Meet the Man Who Transformed Ferrari Design

Flavio Manzoni has a clear vision for the iconic supercar maker's aesthetics.

Flavio Manzoni, 54, holds what must be the ultimate job for any Italian designer: heading Ferrari's in-house design group. It succeeds the long reign of outside carrozzerie, principally Pininfarina but also including most grand design houses of yesteryear. Manzoni began his career in the Fiat group, moved to Volkswagen's SEAT brand with Walter de Silva, returned to Fiat-Lancia, then became No. 2 at VW Group before returning again to Italy as design leader for Fiat, Lancia, and light commercial vehicles. Former Ferrari boss Luca di Montezemolo 10 years ago chose him to create the Ferrari design team and its impressive modern glass construct in the center of the Maranello complex, increasing his team from four people in 2009 to 120 today.

Manzoni says Ferrari design needed to "evolve, with no strong breaks," yet he had to transform the entire process, from Ferrari creating the chassis and letting others clothe it with a pleasing, more or less efficient form, to a completely integrated design and engineering effort. The process has become too complex with requirements regarding structure, aerodynamics—both external and internal—and of course making the result beautiful. These necessary trade-offs cannot be executed by a geographically dispersed team.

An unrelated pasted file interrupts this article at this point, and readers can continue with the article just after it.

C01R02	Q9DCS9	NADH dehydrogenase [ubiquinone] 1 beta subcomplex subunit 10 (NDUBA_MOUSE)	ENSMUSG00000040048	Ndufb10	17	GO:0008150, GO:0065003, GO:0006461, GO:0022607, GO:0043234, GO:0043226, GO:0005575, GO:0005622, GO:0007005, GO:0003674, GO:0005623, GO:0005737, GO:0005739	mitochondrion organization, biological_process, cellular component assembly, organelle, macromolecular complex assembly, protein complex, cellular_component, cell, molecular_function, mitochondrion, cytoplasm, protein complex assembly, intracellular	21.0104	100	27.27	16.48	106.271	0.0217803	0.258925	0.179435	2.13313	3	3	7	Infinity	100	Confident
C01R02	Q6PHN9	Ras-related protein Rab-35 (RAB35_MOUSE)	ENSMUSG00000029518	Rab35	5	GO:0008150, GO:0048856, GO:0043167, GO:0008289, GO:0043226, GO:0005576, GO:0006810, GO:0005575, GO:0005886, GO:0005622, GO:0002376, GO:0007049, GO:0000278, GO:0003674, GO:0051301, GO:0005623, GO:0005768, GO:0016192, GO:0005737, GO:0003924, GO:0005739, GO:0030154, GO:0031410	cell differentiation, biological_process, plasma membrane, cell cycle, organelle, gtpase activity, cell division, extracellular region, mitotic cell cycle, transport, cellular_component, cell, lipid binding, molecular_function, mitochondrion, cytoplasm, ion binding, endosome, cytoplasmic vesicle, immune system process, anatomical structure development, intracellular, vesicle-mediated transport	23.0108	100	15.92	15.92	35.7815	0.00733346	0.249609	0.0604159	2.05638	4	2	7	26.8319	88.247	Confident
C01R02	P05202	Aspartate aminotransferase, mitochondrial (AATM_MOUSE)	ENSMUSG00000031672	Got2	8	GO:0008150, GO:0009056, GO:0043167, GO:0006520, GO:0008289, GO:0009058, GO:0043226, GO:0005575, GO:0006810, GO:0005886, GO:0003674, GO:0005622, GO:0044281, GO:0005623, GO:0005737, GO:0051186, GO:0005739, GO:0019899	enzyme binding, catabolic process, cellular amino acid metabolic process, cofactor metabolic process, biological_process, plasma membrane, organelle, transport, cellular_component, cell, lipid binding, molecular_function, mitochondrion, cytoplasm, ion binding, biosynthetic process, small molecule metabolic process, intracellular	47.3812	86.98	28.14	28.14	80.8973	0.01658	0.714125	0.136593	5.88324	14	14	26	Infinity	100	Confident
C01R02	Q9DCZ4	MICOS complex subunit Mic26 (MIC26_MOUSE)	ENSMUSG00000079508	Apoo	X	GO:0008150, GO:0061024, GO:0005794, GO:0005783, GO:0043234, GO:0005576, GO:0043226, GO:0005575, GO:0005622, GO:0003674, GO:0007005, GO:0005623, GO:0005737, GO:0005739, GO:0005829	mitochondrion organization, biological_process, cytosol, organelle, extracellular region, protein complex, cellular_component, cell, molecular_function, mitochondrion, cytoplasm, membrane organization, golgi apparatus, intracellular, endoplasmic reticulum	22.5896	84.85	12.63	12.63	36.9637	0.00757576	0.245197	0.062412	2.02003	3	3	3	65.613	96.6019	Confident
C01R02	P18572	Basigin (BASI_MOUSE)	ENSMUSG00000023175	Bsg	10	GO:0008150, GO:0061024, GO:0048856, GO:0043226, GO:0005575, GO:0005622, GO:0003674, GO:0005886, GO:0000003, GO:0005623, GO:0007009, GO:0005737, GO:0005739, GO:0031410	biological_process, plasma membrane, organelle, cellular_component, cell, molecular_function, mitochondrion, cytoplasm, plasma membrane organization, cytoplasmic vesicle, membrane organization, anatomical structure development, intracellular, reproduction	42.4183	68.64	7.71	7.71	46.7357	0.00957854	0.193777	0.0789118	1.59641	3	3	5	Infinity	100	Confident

Being literally in the center of the traditional Ferrari campus solves all of that. Working on the firm's 2016 J50 to commemorate the 50th anniversary of Ferrari in Japan, Manzoni decided "it was time to change lamps, to make them very small." That decision has carried over in the SF90, as are some of the aerodynamic solutions incorporated in that concept car. The upswept side line that puzzled me while writing my SF90 design analysis allows airflow management that increases downforce.

"The project was very complex," Manzoni asserts, with many radiators, including "one for the electric motor in front," requiring the team to "visually communicate the elements" composing the whole. He noted that there are many traditional elements in the SF90 hybrid supercar, such as the flying buttresses that he sees as "essential to a Ferrari," but in a different execution here. The car is as simple as Manzoni and his team could make it, but he notes, with a reference to the late sculptor Constantin Brancusi, "simplicity for me is complexity resolved."

If this is the first iteration of new aesthetic for Ferrari, we're on board.